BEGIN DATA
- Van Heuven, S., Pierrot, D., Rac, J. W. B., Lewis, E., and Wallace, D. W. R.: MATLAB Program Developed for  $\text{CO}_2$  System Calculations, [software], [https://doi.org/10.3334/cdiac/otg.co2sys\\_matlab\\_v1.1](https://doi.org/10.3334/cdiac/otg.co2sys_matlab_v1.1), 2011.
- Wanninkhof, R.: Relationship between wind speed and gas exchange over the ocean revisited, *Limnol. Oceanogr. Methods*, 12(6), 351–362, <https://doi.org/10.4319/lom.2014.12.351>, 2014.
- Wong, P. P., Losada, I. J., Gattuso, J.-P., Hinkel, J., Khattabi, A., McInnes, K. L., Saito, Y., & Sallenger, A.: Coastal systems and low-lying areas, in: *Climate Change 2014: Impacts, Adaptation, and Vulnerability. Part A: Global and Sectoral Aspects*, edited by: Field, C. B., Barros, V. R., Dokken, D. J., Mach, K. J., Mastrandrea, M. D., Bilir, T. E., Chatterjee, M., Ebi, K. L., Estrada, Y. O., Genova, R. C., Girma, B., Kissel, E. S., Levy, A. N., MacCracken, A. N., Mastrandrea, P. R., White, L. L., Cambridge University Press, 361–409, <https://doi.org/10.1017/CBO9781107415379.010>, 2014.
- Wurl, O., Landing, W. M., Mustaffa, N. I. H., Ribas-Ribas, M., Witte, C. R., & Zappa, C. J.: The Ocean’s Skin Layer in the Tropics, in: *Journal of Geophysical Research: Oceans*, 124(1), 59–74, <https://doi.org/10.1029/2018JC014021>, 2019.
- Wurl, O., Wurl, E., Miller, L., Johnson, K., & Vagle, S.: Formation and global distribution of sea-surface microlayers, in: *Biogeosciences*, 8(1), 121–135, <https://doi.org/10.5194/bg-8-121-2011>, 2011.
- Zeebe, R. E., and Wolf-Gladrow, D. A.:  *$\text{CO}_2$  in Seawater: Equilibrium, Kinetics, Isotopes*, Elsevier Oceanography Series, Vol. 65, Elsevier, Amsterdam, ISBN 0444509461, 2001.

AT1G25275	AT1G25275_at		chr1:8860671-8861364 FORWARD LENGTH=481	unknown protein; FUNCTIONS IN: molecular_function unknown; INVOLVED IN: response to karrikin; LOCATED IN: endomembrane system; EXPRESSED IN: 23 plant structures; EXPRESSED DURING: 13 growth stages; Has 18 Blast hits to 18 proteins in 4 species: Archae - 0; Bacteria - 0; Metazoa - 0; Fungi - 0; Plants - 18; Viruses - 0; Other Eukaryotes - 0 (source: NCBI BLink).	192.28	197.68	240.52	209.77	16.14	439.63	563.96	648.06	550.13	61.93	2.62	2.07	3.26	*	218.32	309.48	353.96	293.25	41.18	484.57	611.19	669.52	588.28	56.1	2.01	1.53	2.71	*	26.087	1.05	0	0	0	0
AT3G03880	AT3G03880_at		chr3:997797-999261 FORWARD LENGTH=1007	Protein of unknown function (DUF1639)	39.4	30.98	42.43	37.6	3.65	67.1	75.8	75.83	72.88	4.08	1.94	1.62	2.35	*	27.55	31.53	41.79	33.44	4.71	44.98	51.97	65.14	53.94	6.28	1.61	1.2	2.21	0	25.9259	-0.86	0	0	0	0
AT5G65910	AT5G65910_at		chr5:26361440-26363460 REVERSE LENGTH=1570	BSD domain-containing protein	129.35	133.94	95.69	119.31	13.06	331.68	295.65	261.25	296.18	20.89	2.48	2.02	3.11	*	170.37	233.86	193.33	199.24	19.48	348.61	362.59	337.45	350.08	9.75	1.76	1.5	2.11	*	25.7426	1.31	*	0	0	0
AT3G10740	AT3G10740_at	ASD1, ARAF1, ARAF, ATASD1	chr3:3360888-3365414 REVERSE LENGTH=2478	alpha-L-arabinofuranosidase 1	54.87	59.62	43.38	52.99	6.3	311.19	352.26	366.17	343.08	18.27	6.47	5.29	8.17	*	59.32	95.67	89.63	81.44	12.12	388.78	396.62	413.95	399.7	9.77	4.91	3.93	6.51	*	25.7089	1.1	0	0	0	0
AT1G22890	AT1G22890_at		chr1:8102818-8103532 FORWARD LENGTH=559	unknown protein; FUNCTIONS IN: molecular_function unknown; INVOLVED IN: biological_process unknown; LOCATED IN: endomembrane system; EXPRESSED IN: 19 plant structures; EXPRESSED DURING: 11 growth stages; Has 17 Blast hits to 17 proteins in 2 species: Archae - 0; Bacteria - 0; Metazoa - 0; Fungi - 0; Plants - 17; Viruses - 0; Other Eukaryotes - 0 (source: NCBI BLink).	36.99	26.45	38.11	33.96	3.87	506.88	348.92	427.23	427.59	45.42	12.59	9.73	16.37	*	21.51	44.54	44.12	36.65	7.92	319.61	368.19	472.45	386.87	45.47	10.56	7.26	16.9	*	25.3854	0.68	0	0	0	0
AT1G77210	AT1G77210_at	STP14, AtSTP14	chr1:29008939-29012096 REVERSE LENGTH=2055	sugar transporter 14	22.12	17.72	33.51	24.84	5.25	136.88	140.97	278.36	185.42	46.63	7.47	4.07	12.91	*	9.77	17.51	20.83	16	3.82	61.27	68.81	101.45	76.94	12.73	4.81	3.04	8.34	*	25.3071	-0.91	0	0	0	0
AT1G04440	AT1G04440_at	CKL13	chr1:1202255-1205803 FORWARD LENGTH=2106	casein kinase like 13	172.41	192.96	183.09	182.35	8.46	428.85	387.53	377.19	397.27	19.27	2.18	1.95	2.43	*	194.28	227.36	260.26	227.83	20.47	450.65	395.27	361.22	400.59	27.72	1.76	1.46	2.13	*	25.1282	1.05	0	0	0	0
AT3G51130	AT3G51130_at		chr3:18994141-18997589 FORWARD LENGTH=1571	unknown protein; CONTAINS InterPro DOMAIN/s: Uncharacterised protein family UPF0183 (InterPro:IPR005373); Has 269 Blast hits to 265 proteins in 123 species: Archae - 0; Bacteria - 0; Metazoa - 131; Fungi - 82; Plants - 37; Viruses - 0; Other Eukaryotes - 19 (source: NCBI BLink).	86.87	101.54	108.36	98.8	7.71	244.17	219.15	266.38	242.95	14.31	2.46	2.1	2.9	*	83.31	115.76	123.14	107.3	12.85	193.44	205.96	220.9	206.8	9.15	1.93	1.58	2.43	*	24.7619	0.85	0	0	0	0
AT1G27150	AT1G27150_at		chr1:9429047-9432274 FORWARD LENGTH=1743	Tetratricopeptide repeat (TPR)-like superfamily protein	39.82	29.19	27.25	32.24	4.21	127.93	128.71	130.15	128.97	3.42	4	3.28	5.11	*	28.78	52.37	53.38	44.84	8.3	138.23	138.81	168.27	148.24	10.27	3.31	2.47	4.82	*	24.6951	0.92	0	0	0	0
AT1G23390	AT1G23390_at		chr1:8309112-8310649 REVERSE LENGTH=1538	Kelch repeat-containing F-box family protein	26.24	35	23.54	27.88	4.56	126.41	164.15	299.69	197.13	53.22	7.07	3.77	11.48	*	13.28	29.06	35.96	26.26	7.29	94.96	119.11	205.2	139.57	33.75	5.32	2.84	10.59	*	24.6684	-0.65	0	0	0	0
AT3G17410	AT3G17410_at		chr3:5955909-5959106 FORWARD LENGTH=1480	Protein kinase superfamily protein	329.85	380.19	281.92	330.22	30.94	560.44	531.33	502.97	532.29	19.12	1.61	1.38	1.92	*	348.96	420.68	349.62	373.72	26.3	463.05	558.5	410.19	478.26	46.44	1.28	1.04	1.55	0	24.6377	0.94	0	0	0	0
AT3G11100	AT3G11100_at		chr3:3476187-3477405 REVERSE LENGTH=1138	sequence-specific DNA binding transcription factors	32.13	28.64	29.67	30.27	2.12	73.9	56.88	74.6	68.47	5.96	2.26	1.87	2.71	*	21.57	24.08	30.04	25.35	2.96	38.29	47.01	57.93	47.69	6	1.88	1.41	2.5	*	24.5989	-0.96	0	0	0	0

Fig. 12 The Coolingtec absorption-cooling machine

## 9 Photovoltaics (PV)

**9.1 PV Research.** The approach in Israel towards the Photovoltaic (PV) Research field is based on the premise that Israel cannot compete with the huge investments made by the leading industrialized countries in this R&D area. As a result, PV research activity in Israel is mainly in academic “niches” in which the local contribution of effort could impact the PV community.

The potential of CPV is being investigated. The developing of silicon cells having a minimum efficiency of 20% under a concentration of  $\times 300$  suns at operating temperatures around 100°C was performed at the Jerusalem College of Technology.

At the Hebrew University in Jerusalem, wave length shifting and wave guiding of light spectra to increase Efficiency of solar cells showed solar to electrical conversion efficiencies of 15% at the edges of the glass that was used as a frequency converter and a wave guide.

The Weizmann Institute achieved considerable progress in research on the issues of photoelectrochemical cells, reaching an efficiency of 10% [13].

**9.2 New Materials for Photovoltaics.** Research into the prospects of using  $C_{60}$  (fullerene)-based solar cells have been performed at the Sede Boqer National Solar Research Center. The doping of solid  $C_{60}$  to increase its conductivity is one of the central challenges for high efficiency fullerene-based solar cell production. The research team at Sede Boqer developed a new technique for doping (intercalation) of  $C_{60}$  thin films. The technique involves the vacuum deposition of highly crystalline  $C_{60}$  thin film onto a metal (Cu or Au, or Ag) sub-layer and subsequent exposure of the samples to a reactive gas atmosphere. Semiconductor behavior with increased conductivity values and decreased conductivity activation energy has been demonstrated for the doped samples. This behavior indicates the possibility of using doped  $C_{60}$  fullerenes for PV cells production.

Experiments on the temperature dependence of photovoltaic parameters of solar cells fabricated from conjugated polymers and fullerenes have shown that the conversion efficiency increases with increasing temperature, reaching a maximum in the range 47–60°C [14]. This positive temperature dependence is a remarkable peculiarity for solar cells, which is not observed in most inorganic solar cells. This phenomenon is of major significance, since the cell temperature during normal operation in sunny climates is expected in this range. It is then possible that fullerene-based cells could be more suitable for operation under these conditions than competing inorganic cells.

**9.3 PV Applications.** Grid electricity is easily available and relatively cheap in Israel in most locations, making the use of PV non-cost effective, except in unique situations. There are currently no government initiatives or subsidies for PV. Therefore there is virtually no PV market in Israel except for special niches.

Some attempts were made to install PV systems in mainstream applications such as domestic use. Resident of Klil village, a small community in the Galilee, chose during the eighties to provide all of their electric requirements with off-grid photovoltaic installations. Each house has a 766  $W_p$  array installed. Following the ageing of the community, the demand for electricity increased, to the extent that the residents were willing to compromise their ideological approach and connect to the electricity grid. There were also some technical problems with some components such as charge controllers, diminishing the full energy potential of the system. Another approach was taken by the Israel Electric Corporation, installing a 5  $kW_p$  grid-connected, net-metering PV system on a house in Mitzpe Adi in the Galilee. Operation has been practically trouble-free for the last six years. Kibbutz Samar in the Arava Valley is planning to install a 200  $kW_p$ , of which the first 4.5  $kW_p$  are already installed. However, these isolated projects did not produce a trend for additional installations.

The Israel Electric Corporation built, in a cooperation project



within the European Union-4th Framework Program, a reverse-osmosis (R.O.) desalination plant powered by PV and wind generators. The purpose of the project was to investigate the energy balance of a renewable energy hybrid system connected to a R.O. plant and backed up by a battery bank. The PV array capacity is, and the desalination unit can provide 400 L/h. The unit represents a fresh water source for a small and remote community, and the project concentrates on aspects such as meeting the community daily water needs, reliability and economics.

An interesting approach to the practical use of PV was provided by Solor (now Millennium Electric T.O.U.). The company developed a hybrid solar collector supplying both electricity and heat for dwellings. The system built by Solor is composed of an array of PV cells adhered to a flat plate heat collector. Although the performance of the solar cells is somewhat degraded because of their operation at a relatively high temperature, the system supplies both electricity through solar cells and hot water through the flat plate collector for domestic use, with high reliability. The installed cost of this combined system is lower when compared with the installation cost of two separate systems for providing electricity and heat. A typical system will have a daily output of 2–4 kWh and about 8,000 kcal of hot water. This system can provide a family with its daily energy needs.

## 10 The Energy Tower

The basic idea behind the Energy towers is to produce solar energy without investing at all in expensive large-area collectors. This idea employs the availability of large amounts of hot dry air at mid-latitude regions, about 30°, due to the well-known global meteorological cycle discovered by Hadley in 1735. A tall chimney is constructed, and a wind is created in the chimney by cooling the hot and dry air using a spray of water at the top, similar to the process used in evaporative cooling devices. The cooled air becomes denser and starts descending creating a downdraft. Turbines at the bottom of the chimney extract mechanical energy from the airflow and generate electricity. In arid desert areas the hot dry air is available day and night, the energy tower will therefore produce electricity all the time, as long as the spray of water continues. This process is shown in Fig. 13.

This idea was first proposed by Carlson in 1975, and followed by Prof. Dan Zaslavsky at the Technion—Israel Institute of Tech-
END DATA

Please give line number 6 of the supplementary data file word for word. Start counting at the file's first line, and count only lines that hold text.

- Zeebe, R. E., and Wolf-Gladrow, D. A.:  *$\text{CO}_2$  in Seawater: Equilibrium, Kinetics, Isotopes*, Elsevier Oceanography Series, Vol. 65, Elsevier, Amsterdam, ISBN 0444509461, 2001.